In some circumstances, family-and-friend helpers can access financial support such as the HSE Carer Allowance, and in some cases older people and their families paid helpers from their own resources.
Over three quarters of deceased participants or 76 per cent who were helped by family and friends received fully unpaid assistance in the last three months of their life.
The study reveals that informal care and care from family members or friends, comprised a substantial proportion of the care received by older people in the last three months of life.
On average, most people received two hours of care per day according to the researchers, however, 10 per cent received 24- hour unpaid assistance in the form of informal care.
One individual, who lost her father last year after not being able to sustain home help services, said that it can be near impossible for families who are denied access.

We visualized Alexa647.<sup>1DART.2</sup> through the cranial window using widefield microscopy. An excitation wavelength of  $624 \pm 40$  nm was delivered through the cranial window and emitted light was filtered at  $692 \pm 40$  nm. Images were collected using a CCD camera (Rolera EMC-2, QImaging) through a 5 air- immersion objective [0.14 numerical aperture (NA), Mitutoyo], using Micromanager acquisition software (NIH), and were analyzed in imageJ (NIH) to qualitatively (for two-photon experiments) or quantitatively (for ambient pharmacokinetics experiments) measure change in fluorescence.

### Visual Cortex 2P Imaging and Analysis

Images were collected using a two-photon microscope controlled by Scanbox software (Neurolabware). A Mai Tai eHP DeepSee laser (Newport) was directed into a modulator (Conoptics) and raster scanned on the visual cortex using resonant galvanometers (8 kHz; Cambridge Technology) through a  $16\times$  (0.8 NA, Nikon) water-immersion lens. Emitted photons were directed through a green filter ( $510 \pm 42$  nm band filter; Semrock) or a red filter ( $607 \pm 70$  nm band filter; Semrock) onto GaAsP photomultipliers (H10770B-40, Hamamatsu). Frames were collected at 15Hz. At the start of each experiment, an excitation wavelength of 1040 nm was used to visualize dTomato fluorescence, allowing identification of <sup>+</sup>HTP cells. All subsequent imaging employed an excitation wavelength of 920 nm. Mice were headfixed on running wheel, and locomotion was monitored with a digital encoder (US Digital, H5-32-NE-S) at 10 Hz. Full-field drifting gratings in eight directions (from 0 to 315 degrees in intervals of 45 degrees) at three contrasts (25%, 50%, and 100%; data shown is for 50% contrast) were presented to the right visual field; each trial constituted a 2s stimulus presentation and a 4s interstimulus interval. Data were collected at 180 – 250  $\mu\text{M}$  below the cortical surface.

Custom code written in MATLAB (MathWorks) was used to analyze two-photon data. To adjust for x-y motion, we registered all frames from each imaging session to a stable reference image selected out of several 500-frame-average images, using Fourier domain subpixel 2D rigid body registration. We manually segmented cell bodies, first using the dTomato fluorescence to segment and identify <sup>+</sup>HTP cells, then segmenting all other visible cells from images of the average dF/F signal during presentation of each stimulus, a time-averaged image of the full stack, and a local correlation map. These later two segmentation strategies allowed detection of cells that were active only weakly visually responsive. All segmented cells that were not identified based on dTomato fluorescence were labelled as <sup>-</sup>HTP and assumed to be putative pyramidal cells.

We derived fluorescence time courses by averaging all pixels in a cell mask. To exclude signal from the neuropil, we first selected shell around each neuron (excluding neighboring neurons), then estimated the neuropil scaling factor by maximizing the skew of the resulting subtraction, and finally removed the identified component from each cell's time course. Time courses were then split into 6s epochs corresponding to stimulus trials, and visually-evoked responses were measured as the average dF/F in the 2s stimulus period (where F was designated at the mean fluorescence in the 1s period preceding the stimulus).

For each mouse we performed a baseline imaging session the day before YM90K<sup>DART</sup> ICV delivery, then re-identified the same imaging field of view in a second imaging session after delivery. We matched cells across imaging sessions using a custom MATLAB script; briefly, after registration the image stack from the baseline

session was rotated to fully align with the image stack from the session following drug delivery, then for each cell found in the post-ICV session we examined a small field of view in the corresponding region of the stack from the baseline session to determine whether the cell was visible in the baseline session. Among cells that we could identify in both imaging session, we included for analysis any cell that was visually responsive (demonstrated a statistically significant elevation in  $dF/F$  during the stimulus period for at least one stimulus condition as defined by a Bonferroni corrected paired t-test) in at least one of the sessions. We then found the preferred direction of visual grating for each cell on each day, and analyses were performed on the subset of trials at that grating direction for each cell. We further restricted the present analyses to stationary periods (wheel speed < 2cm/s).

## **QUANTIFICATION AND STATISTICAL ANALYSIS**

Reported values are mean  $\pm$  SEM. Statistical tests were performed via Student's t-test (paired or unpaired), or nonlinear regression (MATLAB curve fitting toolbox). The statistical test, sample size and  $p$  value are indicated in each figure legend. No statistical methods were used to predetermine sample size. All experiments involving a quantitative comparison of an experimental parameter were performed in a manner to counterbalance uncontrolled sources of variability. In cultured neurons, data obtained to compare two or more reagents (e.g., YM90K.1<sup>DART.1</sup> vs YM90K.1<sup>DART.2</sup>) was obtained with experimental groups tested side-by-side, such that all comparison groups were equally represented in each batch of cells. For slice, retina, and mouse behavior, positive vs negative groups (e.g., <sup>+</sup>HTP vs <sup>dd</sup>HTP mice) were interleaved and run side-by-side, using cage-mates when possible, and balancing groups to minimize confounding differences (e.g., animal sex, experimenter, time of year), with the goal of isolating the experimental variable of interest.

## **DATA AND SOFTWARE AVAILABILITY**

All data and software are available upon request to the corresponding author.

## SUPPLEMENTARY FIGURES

In an interview with The College View, Hazel Kelly, who lost her father Tom at the age of 81, said that the main reason people are hesitant to place their loved ones in care homes is due to “guilt”.
She said: “I suppose the guilt is the main thing, you don’t feel it’s right for them to go into a nursing home. You’d like to be able to take care of them. But, there’s a lack of services really to help back you up.”
Kelly told how it was “absolutely” difficult to access services while taking care of her father at home, ultimately having to move out of her family home to get two hours of services per day.